Here is her story via her website: Scleroderma Strong (see, how awesome she is, she even has a freaking website dedicated to her journey and raising awareness!!)

And last, but definitely not least, my dear friend Tricia Moses. She and I were connected through my cousin Iraida who told me she had a coworker that was suffering from the same illness I was and wanted to connect with someone who understood what she was going through. Around 2009/2010 Tricia (who lived in NY at the time) and I connected via telephone and spoke for over an hour comparing symptoms, medicines, laughter and even a few tears. 

I immediately Facebooked her and we have remained connected ever since. Tricia's story is probably the most incredible of them all. She recently underwent a double lung transplant (yes, double) just to save her life. The fibrosis in her lungs had gotten so bad she was on an oxygen tank almost 24/7 and the meds were of no use. She first postponed the procedure to ensure her students did well on their state tests (oh, how us teachers will do anything for our kiddos), and then she had to wait several months before getting a donor. She finally did, and is steadily recovering.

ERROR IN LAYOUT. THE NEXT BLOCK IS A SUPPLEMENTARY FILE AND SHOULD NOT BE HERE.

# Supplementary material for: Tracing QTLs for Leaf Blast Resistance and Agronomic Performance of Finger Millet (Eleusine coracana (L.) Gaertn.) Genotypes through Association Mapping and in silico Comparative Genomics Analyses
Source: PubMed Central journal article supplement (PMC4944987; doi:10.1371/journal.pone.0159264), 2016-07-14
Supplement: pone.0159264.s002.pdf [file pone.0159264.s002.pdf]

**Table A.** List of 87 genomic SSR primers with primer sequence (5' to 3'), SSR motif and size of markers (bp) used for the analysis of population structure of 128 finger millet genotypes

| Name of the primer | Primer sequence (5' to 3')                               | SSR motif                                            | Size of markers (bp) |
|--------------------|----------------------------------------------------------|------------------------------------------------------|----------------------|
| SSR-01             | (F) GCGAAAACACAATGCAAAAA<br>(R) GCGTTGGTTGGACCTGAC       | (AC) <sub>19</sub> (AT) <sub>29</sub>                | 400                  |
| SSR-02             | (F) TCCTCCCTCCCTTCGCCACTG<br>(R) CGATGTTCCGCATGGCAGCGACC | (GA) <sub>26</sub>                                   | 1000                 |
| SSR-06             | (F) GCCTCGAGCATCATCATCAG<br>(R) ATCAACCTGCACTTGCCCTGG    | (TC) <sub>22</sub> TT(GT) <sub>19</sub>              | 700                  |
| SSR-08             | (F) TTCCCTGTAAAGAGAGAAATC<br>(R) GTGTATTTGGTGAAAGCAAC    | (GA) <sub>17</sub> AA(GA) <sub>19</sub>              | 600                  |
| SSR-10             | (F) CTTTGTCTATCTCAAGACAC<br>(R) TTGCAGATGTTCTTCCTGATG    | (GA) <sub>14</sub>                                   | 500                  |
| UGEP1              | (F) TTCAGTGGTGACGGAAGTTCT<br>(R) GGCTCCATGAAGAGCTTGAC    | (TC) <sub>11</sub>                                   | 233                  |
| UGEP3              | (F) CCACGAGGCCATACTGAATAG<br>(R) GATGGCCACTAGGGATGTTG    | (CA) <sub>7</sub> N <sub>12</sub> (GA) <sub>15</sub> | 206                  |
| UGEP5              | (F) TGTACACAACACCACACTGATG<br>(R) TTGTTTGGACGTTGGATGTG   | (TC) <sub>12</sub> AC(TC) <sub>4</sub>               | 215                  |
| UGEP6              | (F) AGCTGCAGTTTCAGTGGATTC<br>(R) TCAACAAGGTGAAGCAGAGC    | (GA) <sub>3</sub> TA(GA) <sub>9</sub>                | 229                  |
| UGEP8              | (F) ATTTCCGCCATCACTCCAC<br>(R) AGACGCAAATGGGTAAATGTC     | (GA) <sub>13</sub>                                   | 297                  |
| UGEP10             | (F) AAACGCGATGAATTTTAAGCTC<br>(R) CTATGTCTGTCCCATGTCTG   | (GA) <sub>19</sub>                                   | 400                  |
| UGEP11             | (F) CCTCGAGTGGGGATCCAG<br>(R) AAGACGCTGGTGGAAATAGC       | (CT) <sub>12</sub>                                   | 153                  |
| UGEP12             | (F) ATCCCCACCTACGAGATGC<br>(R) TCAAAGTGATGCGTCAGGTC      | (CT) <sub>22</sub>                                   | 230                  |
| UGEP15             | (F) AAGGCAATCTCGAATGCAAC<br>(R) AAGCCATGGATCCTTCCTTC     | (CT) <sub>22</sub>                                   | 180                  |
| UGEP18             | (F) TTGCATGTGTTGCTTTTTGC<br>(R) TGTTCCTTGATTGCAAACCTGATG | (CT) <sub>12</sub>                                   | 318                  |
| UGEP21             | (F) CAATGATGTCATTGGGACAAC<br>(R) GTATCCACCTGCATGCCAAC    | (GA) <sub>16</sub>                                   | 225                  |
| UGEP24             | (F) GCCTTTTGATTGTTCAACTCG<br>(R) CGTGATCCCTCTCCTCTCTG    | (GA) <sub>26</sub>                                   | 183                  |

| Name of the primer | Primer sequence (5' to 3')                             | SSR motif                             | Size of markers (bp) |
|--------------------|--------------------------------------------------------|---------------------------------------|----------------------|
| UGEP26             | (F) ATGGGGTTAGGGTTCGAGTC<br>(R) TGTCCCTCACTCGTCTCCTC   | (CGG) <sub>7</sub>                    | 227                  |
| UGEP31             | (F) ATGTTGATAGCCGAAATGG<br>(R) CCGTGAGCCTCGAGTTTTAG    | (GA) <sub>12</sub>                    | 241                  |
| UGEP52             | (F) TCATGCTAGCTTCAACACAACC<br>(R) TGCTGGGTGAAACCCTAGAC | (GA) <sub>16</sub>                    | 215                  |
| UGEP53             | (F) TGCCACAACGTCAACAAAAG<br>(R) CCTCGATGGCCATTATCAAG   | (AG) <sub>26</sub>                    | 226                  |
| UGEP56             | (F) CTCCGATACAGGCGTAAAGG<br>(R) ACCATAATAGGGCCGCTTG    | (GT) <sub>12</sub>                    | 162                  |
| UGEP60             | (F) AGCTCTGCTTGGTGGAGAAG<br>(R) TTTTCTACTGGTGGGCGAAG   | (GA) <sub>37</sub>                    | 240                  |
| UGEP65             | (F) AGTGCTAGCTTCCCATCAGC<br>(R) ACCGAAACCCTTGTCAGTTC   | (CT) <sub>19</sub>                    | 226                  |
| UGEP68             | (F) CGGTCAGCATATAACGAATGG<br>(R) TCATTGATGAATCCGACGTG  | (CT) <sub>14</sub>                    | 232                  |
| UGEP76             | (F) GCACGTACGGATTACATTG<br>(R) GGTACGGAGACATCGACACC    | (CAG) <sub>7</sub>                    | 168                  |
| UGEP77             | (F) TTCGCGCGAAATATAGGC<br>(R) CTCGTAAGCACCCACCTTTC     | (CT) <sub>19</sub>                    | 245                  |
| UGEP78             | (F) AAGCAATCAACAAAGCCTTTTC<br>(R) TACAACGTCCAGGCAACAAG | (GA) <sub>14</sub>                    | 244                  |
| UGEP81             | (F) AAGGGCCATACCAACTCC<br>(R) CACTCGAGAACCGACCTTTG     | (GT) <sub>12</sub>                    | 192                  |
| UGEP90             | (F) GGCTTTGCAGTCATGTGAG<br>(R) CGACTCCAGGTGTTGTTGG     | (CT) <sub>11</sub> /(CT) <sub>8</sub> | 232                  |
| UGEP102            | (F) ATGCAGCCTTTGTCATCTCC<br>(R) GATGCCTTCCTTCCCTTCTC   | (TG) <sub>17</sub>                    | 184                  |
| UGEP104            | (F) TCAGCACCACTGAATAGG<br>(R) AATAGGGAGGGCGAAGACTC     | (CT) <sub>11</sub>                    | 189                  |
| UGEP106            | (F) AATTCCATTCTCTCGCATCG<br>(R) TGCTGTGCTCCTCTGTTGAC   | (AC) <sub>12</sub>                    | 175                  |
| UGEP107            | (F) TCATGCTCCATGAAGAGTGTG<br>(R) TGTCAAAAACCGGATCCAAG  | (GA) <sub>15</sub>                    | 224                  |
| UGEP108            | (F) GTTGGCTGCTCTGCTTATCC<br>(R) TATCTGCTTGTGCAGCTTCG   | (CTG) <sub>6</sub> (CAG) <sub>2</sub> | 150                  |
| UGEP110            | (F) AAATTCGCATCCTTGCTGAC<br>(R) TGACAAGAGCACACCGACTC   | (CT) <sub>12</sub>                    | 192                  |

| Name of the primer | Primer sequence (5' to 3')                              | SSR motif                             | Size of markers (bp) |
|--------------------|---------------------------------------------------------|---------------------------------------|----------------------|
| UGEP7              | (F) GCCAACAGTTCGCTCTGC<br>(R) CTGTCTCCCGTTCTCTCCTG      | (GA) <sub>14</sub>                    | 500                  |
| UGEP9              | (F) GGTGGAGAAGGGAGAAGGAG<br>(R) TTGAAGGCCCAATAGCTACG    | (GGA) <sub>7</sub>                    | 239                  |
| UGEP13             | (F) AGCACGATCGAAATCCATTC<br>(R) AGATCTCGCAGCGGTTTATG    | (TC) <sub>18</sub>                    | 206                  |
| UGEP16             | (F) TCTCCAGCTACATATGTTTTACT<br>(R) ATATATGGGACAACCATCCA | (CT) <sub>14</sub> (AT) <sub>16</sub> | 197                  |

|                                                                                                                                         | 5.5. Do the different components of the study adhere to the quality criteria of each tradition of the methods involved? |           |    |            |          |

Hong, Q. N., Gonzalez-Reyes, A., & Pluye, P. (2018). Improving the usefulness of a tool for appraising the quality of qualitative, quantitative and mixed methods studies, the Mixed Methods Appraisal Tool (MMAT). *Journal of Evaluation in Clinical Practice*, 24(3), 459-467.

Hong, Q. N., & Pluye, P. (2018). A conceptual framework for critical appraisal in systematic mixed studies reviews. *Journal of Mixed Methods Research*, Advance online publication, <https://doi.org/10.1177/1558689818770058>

All the while, she posts daily inspirational quotes, takes amazingly cute selfies, and lifts me up when I'm feeling down and have no one else to turn to. 

Tricia also was nominated for and WON a Hometown Hero Award for the work she did in the classroom while battling this disease. (If that's not beautiful, I don't know what is) See the link and video below for more of Tricia's amazing story! 

What I love most about these ladies is that they don't sit around feeling sorry for themselves. Of course they have bad days. We all do. But they take what little energy and good humor they have and share it with others. They are more positive and full of life than most "normal" and "healthy" people because they know how lucky and blessed they are just to be alive.

What do YOU think of my sclero sisters? Please share your comments below!


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30 Ways to Help Spread Scleroderma Awareness